Mongolia – Land of … a far and distant land we don’t generally think of for our annual holiday but Competition Horse Nutritionist Vanessa Allen chose to discover the true wilderness of the Mongolian Steppe.

Situated between China and Russia Mongolia is a vast country which has a population of 3 million humans and 70 million animals most of which live a fairly wild and free existence. Each herd is ‘managed’ by their owner who lives a nomadic lifestyle alongside them in a simple yet homely Ger   (a circular domed dwelling that is portable), moving region as the seasons change. The Mongolian Steppe covers the 3,000 mile width of the country and is mostly open plains nestled between mountain ranges.

A short drive from capital city Ulaan Baatar (UB) you instantly feel like you’re in one of the last truly remote places on our over populated earth. Open roads become dirt tracks across the plains with only the locals knowing which track leads to which Ger camp.

Hosts Baggi and Sara at Sara’s Horse Trek Mongolia spoke no English but guide Gabby was fluent in numerous languages and a competent horse woman. Despite its wonderful year round blue skies Mongolia has an 8 month long winter. Travelling in late September meant the cold weather was imminent so warm clothing was essential, daytime temperatures didn’t rise above 5°C and we had one day of freezing blizzard, nights dropped to -10°C!

A ‘short’ welcome 3 hour afternoon ride baptized us for the week ahead. Mongolian horses can be summed up in one word – hardy. Barely 13hh, narrow bodied, lean, stoic & incredibly tough. Born in the wild managed herds once broken in and worked they are turned out wild on the plains in between treks. At first I thought they were robotic and sad and yes their work was hard but they had the essential freedoms horses need and the community of the herd. None of them need their feet trimmed or have teeth seen to. They receive excellent quality hay and basic but calorific feed during the harsh winters where -40°C is not uncommon.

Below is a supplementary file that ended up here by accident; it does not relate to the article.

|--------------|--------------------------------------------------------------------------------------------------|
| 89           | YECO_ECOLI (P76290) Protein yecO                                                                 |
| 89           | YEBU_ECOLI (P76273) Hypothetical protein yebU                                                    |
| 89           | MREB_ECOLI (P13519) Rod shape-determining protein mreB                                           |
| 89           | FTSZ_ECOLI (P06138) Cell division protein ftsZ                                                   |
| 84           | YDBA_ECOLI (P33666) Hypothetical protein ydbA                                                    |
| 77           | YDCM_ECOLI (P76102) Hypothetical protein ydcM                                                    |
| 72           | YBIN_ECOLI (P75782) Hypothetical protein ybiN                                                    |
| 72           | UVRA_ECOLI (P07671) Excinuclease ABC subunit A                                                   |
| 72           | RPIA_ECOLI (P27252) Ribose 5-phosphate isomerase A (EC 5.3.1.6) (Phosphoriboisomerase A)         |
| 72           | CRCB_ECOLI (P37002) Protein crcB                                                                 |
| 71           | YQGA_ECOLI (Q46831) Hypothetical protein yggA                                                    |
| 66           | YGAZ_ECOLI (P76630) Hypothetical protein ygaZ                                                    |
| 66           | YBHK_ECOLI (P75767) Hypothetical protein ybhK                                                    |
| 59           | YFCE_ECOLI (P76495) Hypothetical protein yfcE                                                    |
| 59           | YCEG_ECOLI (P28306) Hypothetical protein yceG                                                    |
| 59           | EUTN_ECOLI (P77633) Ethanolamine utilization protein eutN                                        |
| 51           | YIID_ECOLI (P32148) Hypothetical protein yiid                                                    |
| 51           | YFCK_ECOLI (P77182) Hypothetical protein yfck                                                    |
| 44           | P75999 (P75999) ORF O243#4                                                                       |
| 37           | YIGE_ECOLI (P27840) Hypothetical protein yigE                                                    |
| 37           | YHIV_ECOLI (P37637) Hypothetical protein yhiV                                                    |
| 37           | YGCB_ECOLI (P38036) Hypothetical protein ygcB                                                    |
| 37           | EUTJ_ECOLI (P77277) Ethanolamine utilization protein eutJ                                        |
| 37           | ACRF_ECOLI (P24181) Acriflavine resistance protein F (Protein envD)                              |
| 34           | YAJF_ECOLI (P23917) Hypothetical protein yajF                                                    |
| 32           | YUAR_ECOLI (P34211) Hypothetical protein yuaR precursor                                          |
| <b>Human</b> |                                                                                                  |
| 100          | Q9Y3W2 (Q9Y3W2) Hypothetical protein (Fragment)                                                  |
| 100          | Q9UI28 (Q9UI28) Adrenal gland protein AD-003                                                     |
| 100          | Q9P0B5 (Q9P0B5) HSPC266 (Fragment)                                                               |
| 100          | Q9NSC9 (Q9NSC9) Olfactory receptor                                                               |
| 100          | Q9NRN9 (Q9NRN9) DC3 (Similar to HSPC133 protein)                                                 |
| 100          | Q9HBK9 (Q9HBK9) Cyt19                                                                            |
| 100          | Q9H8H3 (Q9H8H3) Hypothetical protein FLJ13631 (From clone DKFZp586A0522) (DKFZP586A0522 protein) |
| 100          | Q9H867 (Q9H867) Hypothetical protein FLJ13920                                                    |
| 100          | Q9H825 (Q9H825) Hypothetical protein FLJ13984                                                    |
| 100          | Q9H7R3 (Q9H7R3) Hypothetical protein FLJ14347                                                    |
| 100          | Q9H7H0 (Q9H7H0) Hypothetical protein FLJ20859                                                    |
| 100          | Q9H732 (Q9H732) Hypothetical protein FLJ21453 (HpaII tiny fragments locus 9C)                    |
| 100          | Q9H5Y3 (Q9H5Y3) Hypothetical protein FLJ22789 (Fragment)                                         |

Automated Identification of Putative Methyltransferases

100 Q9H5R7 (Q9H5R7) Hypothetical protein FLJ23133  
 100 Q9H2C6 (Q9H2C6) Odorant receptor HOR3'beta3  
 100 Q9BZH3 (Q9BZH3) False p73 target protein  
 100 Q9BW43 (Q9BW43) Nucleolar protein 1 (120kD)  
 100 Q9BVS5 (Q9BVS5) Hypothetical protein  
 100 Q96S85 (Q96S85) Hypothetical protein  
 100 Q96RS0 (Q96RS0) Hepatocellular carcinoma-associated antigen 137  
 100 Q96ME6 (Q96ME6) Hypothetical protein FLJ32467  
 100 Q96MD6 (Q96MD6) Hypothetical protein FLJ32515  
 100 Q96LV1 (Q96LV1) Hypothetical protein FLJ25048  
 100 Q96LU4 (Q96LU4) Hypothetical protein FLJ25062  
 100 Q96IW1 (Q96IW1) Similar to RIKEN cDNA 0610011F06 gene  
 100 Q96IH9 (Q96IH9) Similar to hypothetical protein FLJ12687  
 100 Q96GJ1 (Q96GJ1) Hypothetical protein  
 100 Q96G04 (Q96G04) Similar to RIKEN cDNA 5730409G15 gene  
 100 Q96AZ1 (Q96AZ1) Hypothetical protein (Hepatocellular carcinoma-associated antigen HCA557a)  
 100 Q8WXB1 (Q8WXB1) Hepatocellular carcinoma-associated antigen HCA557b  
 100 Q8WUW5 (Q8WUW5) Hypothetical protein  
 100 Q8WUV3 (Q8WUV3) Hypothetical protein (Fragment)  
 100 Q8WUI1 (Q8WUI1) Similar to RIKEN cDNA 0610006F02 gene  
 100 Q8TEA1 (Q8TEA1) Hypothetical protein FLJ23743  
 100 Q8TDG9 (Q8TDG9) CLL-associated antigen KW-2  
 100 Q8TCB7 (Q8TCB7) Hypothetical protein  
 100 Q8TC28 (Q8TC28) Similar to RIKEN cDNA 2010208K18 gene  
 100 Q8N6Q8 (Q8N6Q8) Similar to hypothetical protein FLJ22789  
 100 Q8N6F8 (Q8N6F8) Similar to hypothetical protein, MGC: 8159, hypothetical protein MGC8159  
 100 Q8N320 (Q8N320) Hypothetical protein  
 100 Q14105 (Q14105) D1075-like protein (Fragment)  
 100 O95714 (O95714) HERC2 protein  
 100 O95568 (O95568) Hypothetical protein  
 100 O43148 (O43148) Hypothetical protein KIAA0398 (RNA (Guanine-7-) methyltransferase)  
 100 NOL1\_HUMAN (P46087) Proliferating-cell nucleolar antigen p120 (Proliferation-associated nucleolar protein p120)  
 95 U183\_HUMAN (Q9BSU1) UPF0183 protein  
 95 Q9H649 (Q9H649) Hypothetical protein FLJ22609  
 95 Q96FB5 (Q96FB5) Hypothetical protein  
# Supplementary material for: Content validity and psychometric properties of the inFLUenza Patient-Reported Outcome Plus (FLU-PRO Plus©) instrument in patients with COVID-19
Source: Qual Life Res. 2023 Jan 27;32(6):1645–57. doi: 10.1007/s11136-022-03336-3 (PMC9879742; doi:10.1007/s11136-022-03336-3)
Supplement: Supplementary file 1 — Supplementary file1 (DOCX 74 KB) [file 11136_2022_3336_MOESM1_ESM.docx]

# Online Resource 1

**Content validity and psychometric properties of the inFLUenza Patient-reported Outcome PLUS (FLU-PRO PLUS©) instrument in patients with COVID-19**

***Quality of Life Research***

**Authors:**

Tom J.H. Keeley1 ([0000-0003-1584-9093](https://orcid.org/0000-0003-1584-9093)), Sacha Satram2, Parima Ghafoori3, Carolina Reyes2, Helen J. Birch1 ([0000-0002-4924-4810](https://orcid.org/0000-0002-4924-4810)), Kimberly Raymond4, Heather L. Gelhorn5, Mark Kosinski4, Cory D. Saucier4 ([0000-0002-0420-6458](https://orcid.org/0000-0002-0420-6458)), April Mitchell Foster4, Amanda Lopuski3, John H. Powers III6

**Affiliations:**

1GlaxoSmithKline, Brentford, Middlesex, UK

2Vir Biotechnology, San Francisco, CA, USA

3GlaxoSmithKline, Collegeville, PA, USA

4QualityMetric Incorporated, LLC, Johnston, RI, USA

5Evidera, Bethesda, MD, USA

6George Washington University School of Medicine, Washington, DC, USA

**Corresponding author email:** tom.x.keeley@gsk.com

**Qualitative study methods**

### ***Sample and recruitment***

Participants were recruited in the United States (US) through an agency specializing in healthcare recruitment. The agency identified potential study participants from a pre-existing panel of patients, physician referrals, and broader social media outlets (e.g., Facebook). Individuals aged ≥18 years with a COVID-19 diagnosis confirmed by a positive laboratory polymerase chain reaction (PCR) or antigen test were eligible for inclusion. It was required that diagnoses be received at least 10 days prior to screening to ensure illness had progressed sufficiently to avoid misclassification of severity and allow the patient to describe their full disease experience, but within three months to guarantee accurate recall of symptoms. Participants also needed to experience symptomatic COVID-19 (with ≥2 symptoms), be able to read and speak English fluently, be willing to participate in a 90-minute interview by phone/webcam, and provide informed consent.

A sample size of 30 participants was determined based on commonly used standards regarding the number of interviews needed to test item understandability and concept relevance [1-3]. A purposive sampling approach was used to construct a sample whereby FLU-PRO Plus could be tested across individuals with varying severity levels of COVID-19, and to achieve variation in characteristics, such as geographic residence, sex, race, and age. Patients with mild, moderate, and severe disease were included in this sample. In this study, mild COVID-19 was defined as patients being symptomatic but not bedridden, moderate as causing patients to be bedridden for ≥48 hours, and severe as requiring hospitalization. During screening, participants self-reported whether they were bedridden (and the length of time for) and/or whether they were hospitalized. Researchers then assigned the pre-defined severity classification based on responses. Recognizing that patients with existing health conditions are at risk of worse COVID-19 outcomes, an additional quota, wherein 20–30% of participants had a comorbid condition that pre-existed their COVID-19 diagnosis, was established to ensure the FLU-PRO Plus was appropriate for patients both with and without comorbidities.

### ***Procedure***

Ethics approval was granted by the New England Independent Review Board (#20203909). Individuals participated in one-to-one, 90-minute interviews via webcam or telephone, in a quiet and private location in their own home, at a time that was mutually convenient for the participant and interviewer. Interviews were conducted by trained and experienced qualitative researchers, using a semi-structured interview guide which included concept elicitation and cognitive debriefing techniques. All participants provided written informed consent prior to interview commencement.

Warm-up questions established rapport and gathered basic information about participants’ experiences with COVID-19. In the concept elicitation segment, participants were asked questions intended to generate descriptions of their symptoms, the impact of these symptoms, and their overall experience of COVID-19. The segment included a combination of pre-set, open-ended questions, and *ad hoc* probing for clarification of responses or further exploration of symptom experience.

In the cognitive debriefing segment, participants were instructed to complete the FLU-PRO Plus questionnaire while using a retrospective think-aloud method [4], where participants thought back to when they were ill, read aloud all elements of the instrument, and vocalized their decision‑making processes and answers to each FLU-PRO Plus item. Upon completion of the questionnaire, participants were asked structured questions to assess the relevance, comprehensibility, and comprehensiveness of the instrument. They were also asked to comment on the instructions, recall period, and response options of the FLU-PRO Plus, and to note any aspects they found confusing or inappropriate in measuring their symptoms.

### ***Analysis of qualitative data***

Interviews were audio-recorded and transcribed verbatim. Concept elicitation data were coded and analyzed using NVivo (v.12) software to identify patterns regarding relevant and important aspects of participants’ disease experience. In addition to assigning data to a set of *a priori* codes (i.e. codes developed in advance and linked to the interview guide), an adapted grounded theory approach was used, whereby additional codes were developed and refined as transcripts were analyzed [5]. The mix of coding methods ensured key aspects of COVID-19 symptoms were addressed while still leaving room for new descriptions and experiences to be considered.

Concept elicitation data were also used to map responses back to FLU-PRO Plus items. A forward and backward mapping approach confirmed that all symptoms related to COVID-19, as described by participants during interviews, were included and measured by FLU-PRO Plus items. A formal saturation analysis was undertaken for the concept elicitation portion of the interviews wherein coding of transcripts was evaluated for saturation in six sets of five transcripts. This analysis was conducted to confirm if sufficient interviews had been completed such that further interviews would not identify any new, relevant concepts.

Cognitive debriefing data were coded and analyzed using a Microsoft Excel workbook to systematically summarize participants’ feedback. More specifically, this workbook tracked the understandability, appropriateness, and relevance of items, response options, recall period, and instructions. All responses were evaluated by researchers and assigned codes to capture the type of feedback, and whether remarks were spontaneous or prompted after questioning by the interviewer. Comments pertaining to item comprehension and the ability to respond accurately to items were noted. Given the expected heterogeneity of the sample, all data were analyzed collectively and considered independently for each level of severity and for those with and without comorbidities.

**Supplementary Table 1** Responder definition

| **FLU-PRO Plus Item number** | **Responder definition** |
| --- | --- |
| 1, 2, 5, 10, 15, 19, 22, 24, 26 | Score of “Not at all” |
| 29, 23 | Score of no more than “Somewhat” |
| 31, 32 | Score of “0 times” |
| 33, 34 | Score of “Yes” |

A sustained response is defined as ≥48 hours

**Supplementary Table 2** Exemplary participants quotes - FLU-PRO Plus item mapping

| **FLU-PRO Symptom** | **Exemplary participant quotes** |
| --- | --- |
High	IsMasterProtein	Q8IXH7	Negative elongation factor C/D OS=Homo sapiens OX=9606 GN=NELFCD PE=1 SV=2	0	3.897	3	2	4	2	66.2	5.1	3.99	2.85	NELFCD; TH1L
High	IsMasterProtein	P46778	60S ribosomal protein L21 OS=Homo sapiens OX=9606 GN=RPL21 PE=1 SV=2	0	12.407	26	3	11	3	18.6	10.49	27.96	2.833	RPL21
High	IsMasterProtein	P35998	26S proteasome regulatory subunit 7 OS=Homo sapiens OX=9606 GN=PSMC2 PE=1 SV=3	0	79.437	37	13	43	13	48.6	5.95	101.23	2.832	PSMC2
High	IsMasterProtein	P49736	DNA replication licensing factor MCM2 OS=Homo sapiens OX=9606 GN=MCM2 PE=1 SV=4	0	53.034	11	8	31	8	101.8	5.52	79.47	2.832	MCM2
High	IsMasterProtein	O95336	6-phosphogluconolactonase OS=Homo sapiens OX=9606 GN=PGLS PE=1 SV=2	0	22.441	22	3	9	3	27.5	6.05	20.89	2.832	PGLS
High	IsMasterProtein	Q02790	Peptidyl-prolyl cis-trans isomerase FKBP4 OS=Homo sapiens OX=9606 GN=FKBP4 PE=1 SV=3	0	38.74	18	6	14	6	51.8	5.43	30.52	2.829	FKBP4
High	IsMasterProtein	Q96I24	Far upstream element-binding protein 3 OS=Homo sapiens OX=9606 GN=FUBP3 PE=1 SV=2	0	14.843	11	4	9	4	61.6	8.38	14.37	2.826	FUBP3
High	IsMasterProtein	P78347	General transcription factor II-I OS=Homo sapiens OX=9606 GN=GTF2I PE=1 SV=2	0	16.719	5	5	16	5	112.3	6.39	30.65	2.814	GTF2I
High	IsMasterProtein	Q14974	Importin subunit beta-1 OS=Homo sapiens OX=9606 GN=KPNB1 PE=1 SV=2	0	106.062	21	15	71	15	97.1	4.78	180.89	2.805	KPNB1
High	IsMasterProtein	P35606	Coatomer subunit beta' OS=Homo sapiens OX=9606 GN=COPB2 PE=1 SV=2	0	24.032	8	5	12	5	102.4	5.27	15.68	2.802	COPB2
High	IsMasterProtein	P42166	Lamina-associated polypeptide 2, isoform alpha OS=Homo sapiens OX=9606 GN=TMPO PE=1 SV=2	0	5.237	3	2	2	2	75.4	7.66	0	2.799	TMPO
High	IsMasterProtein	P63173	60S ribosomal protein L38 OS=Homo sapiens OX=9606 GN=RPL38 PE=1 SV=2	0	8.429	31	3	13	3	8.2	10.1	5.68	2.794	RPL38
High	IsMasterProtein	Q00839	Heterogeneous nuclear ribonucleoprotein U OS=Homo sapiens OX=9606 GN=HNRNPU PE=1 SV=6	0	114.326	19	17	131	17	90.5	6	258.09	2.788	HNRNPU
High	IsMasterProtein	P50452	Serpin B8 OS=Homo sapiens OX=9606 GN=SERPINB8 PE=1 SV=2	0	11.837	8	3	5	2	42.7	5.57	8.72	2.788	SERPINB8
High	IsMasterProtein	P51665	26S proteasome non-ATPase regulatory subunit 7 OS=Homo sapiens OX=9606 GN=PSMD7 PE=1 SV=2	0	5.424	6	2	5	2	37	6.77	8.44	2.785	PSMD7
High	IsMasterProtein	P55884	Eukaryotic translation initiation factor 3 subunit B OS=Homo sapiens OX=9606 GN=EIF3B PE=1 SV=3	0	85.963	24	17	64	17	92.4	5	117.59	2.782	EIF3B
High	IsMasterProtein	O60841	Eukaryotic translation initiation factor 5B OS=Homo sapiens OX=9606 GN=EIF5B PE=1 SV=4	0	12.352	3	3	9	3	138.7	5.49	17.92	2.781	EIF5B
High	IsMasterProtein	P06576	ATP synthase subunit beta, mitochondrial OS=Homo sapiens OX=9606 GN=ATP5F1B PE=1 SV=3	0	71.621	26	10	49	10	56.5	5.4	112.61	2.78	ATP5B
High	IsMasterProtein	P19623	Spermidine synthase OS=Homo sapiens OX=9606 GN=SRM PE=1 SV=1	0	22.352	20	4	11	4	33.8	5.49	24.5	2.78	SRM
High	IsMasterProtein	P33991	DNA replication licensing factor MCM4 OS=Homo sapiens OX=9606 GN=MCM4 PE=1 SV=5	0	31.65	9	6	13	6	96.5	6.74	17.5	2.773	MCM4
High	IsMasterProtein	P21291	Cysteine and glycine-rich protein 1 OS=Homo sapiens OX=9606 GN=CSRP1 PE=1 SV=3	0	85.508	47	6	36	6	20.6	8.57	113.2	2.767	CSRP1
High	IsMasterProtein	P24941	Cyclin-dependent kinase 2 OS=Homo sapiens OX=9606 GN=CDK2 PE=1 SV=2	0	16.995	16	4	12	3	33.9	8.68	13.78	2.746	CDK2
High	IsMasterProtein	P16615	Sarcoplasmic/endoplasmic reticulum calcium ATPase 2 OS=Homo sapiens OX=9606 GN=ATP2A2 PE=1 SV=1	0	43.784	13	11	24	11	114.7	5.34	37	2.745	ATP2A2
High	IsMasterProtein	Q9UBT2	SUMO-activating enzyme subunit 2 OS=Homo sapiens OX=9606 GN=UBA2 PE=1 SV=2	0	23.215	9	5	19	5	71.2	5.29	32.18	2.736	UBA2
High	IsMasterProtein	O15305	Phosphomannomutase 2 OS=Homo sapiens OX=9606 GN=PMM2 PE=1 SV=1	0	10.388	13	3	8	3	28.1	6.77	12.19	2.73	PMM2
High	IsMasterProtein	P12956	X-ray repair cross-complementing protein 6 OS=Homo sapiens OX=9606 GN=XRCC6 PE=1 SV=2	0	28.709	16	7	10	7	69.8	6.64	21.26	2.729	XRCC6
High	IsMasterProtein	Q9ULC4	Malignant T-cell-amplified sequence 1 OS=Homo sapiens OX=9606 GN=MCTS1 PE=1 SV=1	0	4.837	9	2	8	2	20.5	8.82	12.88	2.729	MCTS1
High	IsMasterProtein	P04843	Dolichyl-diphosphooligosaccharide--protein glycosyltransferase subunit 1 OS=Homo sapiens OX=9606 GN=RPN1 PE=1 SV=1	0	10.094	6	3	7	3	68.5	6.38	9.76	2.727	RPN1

Riding is more western than classical - one handed, loose contact, a shift in your weight is enough to change direction and speed. The saddles provided for clients are fairly similar to home but the leather bridles are very thin and our Mongolian hosts still ride in traditional saddles. The rein is one long piece of leather attached to the bit (we had eggbutt snaffles) on one side and tied to a loop on the other. When you dismount you can untie the long piece and handily tie your horse to a tree or truck. If there’s nothing nearer you can use it to hobble the horse and then tie the other ponies to each other and walk away – surprisingly effective!

With weather changeable we opted for a 3 day adventure rather than 5 days. The pack ponies carrying food, tents, sleeping bags & personal belongings were loaded and away we went Baggi leading the way. Six hours of blissful riding along the plains, past wild herds of ponies and sheep, passing remote Gers and crossing rivers. We saw no tarmac just tracks and one wooden car bridge to cross the main swollen river. Lunch was bread & cheese with tea and chocolate seated on the ground next to a wood & our horses. After 40km we stopped for the night next to the river, the ponies let loose bar one who was long lined to a tree. A spaghetti / pasta dinner was prepared and after we were full we gathered the loose wood from the ground lit a bonfire and the Mongolian vodka was bought out as Baggi sand traditional songs. The morning alarm was the sound of the icy rushing river and horses hooves.